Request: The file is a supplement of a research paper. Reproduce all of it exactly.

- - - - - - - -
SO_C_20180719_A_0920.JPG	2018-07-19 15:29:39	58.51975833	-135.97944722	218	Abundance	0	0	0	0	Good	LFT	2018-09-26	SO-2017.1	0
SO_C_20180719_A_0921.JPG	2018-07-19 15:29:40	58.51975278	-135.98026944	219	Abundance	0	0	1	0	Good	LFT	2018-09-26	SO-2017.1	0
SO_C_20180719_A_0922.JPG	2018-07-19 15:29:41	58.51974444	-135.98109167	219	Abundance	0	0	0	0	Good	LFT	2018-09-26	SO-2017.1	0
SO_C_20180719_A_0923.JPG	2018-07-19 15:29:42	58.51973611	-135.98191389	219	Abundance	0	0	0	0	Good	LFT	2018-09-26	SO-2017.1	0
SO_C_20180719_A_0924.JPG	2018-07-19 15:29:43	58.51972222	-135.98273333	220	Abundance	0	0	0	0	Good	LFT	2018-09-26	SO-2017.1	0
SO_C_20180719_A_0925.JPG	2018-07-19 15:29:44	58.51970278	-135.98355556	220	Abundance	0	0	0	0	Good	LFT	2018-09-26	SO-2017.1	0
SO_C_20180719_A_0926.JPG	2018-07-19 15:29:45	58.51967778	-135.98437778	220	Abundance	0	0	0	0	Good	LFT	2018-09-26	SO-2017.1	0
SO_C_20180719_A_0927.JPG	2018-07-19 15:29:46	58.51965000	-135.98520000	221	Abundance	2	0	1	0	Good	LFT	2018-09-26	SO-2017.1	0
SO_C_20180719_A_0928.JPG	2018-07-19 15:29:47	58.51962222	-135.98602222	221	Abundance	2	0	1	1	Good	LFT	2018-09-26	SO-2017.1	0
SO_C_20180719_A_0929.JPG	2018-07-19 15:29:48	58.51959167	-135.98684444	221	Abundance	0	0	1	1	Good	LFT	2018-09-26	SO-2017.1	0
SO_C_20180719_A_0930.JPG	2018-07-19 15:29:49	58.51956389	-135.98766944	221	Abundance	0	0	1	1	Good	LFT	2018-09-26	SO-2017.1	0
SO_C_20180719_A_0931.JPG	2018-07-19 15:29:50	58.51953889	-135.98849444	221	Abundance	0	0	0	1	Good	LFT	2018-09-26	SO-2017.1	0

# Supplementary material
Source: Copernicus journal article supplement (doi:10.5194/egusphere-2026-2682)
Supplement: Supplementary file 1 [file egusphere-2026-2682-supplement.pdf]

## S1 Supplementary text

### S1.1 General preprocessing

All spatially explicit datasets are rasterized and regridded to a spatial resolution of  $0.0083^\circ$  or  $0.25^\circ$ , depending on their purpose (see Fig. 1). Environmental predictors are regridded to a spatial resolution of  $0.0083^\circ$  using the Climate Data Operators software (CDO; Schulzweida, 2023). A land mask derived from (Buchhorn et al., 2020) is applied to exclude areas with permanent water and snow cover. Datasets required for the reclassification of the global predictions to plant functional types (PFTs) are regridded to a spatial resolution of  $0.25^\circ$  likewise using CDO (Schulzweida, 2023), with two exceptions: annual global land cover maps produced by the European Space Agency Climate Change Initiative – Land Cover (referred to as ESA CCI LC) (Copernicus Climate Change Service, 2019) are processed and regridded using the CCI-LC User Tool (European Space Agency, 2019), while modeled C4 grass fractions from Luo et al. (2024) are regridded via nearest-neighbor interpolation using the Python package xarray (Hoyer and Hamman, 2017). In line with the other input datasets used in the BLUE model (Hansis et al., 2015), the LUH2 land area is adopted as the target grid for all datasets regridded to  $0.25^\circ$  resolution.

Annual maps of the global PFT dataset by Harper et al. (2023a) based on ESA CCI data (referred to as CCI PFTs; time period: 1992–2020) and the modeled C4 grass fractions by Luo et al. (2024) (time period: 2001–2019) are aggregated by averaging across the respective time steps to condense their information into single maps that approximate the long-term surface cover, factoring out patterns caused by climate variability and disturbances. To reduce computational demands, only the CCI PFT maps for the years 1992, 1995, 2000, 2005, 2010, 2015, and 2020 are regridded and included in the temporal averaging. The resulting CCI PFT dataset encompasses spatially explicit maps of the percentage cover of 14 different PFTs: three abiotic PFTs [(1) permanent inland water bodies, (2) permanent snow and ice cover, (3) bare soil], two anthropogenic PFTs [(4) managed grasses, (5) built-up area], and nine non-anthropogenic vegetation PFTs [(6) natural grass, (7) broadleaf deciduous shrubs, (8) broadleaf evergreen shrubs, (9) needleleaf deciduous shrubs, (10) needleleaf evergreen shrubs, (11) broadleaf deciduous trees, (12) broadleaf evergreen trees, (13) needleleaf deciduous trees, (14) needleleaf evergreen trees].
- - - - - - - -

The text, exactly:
SO_C_20180719_A_0920.JPG	2018-07-19 15:29:39	58.51975833	-135.97944722	218	Abundance	0	0	0	0	Good	LFT	2018-09-26	SO-2017.1	0
SO_C_20180719_A_0921.JPG	2018-07-19 15:29:40	58.51975278	-135.98026944	219	Abundance	0	0	1	0	Good	LFT	2018-09-26	SO-2017.1	0
SO_C_20180719_A_0922.JPG	2018-07-19 15:29:41	58.51974444	-135.98109167	219	Abundance	0	0	0	0	Good	LFT	2018-09-26	SO-2017.1	0
SO_C_20180719_A_0923.JPG	2018-07-19 15:29:42	58.51973611	-135.98191389	219	Abundance	0	0	0	0	Good	LFT	2018-09-26	SO-2017.1	0
SO_C_20180719_A_0924.JPG	2018-07-19 15:29:43	58.51972222	-135.98273333	220	Abundance	0	0	0	0	Good	LFT	2018-09-26	SO-2017.1	0
SO_C_20180719_A_0925.JPG	2018-07-19 15:29:44	58.51970278	-135.98355556	220	Abundance	0	0	0	0	Good	LFT	2018-09-26	SO-2017.1	0
SO_C_20180719_A_0926.JPG	2018-07-19 15:29:45	58.51967778	-135.98437778	220	Abundance	0	0	0	0	Good	LFT	2018-09-26	SO-2017.1	0
SO_C_20180719_A_0927.JPG	2018-07-19 15:29:46	58.51965000	-135.98520000	221	Abundance	2	0	1	0	Good	LFT	2018-09-26	SO-2017.1	0
SO_C_20180719_A_0928.JPG	2018-07-19 15:29:47	58.51962222	-135.98602222	221	Abundance	2	0	1	1	Good	LFT	2018-09-26	SO-2017.1	0
SO_C_20180719_A_0929.JPG	2018-07-19 15:29:48	58.51959167	-135.98684444	221	Abundance	0	0	1	1	Good	LFT	2018-09-26	SO-2017.1	0
SO_C_20180719_A_0930.JPG	2018-07-19 15:29:49	58.51956389	-135.98766944	221	Abundance	0	0	1	1	Good	LFT	2018-09-26	SO-2017.1	0
SO_C_20180719_A_0931.JPG	2018-07-19 15:29:50	58.51953889	-135.98849444	221	Abundance	0	0	0	1	Good	LFT	2018-09-26	SO-2017.1	0

# Supplementary material
Source: Copernicus journal article supplement (doi:10.5194/egusphere-2026-2682)
Supplement: Supplementary file 1 [file egusphere-2026-2682-supplement.pdf]

## S1 Supplementary text

### S1.1 General preprocessing

All spatially explicit datasets are rasterized and regridded to a spatial resolution of  $0.0083^\circ$  or  $0.25^\circ$ , depending on their purpose (see Fig. 1). Environmental predictors are regridded to a spatial resolution of  $0.0083^\circ$  using the Climate Data Operators software (CDO; Schulzweida, 2023). A land mask derived from (Buchhorn et al., 2020) is applied to exclude areas with permanent water and snow cover. Datasets required for the reclassification of the global predictions to plant functional types (PFTs) are regridded to a spatial resolution of  $0.25^\circ$  likewise using CDO (Schulzweida, 2023), with two exceptions: annual global land cover maps produced by the European Space Agency Climate Change Initiative – Land Cover (referred to as ESA CCI LC) (Copernicus Climate Change Service, 2019) are processed and regridded using the CCI-LC User Tool (European Space Agency, 2019), while modeled C4 grass fractions from Luo et al. (2024) are regridded via nearest-neighbor interpolation using the Python package xarray (Hoyer and Hamman, 2017). In line with the other input datasets used in the BLUE model (Hansis et al., 2015), the LUH2 land area is adopted as the target grid for all datasets regridded to  $0.25^\circ$  resolution.

Annual maps of the global PFT dataset by Harper et al. (2023a) based on ESA CCI data (referred to as CCI PFTs; time period: 1992–2020) and the modeled C4 grass fractions by Luo et al. (2024) (time period: 2001–2019) are aggregated by averaging across the respective time steps to condense their information into single maps that approximate the long-term surface cover, factoring out patterns caused by climate variability and disturbances. To reduce computational demands, only the CCI PFT maps for the years 1992, 1995, 2000, 2005, 2010, 2015, and 2020 are regridded and included in the temporal averaging. The resulting CCI PFT dataset encompasses spatially explicit maps of the percentage cover of 14 different PFTs: three abiotic PFTs [(1) permanent inland water bodies, (2) permanent snow and ice cover, (3) bare soil], two anthropogenic PFTs [(4) managed grasses, (5) built-up area], and nine non-anthropogenic vegetation PFTs [(6) natural grass, (7) broadleaf deciduous shrubs, (8) broadleaf evergreen shrubs, (9) needleleaf deciduous shrubs, (10) needleleaf evergreen shrubs, (11) broadleaf deciduous trees, (12) broadleaf evergreen trees, (13) needleleaf deciduous trees, (14) needleleaf evergreen trees].